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University of Bristol (1957-1961); work on electron beams and flux in a magnetic field with Yack Aharonov; work on plasmas and the separation of the individual and collective behavior with Gidon Carmi; conference on solid state electronic plasma theory in Utrecht (1959); read Georgii Gurdjieff, Peter Ouspensky, Buddhism, Indian and Christian philosophy; first meeting with Krishnamurti (June 1961); Birkbeck College, University of London (1961-1987); integrating mathematics, physics and philosophy in his teachings; lecturing about Causality and Chance in Modern Physics; differences between Niels Bohr, Wolfgang Pauli and Werner Heisenberg’s ideas on quantum mechanics.
The interview ranges from Inglis’ youth and family origins to his current (1977) activities. Topics include his student days (Amherst College 1924-28, Ann Arbor 1928-31), contact with European physicists and rising Nazism (1932-13), the physics departments at Ohio State, University of Pittsburgh, Princeton, and Johns Hopkins in the 1930’s, and the last of these in the 1940’s; atomic spectroscopy, ferromagnetism, uses of the vector model, shift from atomic to nuclear spectroscopy, the Thomas precession and spin-orbit coupling in nuclei, shell and droplet models for nuclei, intermediate coupling model for light nuclei, the earth’s magnetic field, wind-dynamos and nuclear reactors; Los Alamos during World War II, Argonne Laboratory in the 1950’s and 60’s; expression of social concern, especially in relation to the nuclear arms race, in the 1950’s through the Bulletin of the Atomic Scientists, the political victimization of Donald Flanders, the Federation of American Scientists, congressional testimony concerning Lewis Strauss’ (nominee for Sec. of Commerce) experiences at Pugwash Conferences, obstacles to slowing or reversing the arms race.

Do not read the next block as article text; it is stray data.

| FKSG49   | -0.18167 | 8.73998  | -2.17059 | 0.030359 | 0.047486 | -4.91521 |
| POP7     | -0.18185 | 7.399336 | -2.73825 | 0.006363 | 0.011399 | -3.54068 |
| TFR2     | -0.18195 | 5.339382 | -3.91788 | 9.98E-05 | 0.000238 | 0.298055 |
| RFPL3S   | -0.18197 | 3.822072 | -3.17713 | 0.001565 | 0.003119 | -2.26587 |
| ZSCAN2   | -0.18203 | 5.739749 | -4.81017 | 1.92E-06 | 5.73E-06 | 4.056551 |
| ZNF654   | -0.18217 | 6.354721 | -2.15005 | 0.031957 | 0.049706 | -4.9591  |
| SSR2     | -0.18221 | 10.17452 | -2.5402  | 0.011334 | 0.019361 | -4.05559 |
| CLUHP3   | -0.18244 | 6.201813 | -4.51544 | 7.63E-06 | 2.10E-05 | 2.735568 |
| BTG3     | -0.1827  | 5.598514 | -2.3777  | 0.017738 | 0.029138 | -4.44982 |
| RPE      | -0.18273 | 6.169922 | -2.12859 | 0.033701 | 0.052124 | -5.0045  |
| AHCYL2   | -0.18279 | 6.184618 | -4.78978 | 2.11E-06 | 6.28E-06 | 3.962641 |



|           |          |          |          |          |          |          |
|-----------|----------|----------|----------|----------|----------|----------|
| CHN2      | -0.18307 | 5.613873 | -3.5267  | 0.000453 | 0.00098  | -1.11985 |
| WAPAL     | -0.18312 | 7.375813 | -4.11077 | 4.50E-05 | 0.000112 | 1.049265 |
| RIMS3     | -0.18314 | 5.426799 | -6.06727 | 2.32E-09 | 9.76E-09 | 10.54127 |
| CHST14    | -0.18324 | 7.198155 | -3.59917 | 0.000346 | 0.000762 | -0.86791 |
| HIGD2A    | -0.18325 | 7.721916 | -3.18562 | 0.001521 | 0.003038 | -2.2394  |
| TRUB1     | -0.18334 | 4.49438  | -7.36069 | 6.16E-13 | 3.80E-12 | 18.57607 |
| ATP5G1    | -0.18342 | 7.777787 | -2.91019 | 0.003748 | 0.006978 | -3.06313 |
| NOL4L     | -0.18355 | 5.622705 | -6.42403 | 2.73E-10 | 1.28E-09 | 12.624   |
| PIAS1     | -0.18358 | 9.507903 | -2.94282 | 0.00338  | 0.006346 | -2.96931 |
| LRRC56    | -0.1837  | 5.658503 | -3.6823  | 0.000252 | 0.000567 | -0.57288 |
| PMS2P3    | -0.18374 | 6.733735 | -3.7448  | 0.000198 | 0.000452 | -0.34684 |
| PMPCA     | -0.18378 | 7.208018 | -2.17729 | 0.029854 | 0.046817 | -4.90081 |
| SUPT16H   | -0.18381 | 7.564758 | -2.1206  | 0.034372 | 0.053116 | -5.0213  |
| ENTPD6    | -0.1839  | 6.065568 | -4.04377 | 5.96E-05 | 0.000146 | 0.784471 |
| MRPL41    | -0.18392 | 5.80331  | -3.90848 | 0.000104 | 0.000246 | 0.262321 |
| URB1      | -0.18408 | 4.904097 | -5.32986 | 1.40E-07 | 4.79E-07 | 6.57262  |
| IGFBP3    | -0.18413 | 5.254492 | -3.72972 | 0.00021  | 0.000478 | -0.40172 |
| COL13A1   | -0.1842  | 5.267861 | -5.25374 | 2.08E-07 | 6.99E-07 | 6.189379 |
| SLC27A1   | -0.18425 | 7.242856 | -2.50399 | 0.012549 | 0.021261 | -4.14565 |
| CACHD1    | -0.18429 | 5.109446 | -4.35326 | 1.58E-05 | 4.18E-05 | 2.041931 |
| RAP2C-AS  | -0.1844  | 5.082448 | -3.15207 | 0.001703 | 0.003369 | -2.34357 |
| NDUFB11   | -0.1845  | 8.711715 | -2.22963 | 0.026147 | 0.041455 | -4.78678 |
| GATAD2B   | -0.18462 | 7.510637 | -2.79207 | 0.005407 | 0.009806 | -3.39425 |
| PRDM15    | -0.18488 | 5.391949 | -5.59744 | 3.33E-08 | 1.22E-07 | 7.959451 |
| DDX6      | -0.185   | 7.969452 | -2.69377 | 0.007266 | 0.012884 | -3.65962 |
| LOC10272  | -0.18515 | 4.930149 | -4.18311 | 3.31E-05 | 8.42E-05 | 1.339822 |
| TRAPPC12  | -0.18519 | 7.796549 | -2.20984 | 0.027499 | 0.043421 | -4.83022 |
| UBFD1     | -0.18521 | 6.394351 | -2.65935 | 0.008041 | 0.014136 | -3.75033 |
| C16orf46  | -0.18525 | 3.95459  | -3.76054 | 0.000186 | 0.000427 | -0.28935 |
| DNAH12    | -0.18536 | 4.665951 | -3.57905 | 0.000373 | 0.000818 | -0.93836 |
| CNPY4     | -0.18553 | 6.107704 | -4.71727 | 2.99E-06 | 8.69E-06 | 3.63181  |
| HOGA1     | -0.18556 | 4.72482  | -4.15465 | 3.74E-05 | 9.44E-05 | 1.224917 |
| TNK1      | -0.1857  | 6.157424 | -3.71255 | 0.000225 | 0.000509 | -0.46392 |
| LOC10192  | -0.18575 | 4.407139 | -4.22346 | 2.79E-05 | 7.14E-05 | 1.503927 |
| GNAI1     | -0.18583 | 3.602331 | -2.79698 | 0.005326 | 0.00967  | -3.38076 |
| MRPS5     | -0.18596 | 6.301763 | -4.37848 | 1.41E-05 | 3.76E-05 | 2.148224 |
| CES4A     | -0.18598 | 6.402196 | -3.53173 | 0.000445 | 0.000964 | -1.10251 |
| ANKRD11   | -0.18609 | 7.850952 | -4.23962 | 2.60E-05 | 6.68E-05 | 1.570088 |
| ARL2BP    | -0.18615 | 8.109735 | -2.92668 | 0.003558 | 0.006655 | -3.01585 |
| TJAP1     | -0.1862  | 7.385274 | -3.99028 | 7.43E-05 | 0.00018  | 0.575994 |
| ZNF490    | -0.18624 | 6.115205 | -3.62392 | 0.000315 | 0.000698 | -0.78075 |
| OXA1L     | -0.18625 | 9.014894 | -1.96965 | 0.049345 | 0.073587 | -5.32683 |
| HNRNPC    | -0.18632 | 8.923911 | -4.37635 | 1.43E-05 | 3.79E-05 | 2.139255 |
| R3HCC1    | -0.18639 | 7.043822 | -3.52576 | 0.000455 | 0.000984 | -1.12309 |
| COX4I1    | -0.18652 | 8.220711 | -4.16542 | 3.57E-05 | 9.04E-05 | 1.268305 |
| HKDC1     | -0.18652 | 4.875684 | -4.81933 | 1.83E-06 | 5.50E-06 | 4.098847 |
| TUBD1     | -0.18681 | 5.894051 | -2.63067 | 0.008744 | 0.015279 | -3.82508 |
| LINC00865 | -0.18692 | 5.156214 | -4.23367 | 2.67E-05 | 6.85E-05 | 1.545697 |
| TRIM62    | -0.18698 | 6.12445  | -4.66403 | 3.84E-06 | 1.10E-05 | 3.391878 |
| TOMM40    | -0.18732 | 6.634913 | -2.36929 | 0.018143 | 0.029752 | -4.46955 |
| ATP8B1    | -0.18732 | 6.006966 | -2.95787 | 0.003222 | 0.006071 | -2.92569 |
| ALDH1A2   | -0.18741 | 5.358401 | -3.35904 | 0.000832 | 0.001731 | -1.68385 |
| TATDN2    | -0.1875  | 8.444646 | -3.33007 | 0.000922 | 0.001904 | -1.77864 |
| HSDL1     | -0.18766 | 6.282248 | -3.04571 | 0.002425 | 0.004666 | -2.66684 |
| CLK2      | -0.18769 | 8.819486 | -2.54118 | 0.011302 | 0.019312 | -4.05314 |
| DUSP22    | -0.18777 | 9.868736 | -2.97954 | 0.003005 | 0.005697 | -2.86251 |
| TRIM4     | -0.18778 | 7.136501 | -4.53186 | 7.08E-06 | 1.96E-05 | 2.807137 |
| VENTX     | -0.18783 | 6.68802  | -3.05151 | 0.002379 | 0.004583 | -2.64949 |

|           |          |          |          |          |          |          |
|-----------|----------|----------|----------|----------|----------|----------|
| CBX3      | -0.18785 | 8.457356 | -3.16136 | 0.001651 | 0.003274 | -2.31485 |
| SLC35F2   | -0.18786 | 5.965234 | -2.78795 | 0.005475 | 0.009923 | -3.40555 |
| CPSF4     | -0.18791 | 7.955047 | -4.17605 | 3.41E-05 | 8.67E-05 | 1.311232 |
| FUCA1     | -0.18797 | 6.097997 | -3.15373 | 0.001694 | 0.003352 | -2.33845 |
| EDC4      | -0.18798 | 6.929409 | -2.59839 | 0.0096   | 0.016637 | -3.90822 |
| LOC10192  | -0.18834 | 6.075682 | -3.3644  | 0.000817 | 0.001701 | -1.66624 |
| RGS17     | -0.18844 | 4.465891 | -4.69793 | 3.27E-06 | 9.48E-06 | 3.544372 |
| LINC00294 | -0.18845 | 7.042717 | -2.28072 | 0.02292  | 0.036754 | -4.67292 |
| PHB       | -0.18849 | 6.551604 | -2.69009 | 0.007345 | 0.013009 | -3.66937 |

Among the topics discussed: Rubin's military service during World War II; continuing his education after the war when he studied physics and earned a BS from the University of Chicago and an MA from Columbia University; his first job at Raytheon Research Division where he worked for 13 years; his work at MIT's National Magnet Laboratory from 1964-1993; the awarding of the magnet laboratory to Florida State University by the National Science Foundation in 1990; the structure of the American Physical Society and his work with the organization; his work with the American Institute of Physics and the Physics Today's Buyer's Guide.